"There are always conflicts of interest when money is involved."
That wisdom, courtesy of Northeastern University Professor of Finance Robert Mooradian, pretty nicely sums up why tipping and the incentives they represent are such a point of tension.
But while minimum wages are a hotly contested issue--among business groups as well as economists, to say nothing of lobbyists and politicians--the problematic nature of tipping deserves its own conversation.
The two are related, but distinct issues.
Perhaps the most noteworthy distinction is the fact that all employers are free to elevate base wages at or above the minimum; it is harder to enforce tipping across all customers. There are social norms, certainly, but no real protections for staff who miss out on a core component of their compensation due to stingy, ignorant, or unreasonable patrons.
There is also the ambiguity surrounding gratuity outside of food service. The annual parade of advice, articles, and expert insights is testimony to the fact that consumers just don't understand when, where, and how much to tip.
Restaurants treat tips as an assumption, but our culture treats tips as a bonus for good service, attractiveness of the wait staff, or informal feedback on any other element of the overall dining experience. The latter trend is particularly troubling, as restaurateurs increasingly turn to social media or industrial surveys for customer insights, while customers express themselves through the size (or absence) of their supplement to the bill.
It simply is not uniform, even if theminimum wage for tipped positions pretends it is.
That is part of the reason why recent news that Joe's Crab Shack, a national seafood chain restaurant implementing a No Tipping policy, is so hugely significant.
The move, piloted in about 18 stores so far but set to be expanded to its 130 locations nationwide, saw employees get a base wage increase to $12-$14 an hour, with opportunities for performance-based adjustments. The menus have also been updated to reflect price increases of around 15%.
Restaurants across the country have experimented with eliminating tipping, but only as an elective and largely regional or concentrated local shift toward steady, consistent wages for all staff. With Joe's, that pattern has national scalability.
Frankly, rewarding performance is uncommon in any industry; mostly, wage workers are paid for their time. And in the foodservice industry in particular, customers are historically poor judges of what constitutes proper dining etiquette, much less appropriate gratuity. They are particularly prone to punishing wait staff for problems with the food itself, or other elements beyond the direct control of those subject to tip fluctuations.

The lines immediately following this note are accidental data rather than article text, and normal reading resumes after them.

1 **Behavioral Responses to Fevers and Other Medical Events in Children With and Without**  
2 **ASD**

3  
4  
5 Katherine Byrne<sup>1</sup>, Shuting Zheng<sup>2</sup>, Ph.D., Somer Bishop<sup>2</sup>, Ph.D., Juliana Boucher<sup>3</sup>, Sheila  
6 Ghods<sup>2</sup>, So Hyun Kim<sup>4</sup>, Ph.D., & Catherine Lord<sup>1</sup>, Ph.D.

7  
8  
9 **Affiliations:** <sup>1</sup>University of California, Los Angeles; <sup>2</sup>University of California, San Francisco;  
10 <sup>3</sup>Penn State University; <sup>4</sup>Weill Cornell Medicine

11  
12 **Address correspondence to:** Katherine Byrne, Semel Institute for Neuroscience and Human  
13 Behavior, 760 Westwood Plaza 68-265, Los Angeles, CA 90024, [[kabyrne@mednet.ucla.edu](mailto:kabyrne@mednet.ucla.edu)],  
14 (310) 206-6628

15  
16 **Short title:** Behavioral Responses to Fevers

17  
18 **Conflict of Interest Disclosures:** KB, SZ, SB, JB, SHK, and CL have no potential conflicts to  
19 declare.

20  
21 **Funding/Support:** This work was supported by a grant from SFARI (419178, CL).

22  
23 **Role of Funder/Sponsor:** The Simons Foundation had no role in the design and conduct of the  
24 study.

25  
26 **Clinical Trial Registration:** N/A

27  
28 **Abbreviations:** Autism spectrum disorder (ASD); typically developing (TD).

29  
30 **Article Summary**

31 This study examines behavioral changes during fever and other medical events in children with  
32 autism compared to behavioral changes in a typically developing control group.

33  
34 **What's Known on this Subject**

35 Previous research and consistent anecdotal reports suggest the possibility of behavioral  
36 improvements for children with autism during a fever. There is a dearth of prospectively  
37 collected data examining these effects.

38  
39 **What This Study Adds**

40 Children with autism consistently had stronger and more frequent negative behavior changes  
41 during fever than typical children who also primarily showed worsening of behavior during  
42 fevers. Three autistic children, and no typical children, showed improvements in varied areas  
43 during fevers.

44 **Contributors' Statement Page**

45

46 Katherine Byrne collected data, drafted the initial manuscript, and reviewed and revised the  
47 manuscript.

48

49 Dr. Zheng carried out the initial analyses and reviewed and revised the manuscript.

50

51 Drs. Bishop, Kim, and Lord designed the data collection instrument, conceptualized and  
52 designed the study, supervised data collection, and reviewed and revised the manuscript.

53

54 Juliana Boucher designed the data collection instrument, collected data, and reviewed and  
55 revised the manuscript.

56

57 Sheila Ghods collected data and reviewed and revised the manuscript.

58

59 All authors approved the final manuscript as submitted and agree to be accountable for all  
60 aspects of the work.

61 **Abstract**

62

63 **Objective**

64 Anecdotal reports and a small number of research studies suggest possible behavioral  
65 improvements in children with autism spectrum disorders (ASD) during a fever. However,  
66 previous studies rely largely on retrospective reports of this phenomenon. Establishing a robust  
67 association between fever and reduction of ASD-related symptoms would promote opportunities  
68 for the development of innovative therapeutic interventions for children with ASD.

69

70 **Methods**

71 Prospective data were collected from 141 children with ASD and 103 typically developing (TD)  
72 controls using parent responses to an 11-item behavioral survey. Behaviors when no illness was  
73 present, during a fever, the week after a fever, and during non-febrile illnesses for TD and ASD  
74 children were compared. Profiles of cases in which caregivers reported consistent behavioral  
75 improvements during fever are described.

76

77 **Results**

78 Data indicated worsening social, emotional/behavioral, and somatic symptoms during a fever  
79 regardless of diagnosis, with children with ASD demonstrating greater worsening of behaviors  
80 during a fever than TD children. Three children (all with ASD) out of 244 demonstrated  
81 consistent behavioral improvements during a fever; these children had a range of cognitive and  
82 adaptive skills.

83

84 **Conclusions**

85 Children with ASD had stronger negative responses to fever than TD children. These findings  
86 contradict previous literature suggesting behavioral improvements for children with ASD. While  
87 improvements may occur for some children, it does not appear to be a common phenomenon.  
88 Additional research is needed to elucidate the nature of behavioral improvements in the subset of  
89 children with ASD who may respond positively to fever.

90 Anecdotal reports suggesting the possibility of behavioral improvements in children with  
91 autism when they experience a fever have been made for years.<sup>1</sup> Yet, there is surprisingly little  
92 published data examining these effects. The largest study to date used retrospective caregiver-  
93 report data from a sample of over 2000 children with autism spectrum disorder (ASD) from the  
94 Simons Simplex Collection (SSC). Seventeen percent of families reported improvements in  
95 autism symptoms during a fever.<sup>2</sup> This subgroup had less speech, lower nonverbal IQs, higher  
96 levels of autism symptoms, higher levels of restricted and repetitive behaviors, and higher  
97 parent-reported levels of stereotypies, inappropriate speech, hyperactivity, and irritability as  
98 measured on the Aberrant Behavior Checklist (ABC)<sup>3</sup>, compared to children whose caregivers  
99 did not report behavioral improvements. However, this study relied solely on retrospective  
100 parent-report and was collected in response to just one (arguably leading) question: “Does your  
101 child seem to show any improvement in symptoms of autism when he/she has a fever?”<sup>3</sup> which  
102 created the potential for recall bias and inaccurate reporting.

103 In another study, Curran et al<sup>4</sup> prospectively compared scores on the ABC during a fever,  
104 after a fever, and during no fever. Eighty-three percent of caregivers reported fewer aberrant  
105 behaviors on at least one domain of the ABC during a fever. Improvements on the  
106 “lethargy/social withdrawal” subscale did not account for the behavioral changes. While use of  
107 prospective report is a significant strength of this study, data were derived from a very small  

And for that matter, the standardization of state or federal tipped minimum wages doesn't spell out how restaurants are to divvy up tips:individual company policies vary wildly from pooling, to sharing tips with kitchen staff (who aren't subject to the same minimum wage), to de facto "don't ask, don't tell" avoidance of the entire issue.
We have had inklings of how a tip-free universe might function, but Joe's Crab Shack's initiative takes the model to a much more significant scale, particularly because, as a franchise, the experiment will eventually take place in a wide variety of demographics. In a sense, that makes the move as ground-breaking as if it had been legislated: it is national, it is controversial, and so it is going to be analyzed and evaluated by every stakeholder with an interest in policy, economics, business, or even just dining out across the country.
The whole practice of tipping is condescending, demeaning, inconsistent, unreliable, and from an economic perspective, merely shifts risk from employers to employees, who are all too often unable to influence the fiscal behavior of customers. The elevated earning potential of a few anecdotal tipped positions or businesses cannot stand in for the wide variety of workers and employers who are reliant on the model, and left unfairly vulnerable to it.
America has an obsession with treating every problem by prescribing economic incentives and penalties, despite evidence that this doesn't actually work. From tax policy to medicine, we want the promise of a little bonus to transform human behavior and thereby the entire country. It won't. These "tips" are not some skeleton key to unlocking productivity, quality, and superiority.
Joe's Crab Shack has done much more than change its policy: it has shed invaluable light on a critical issue in the United States that has long been ignored, justified, or tolerated without scrutiny. Tipping is an archaic and destructive institution that deserves to be abolished. Joe and his Shack are on their way to being the Bunker Hill in the war on tipping tyranny.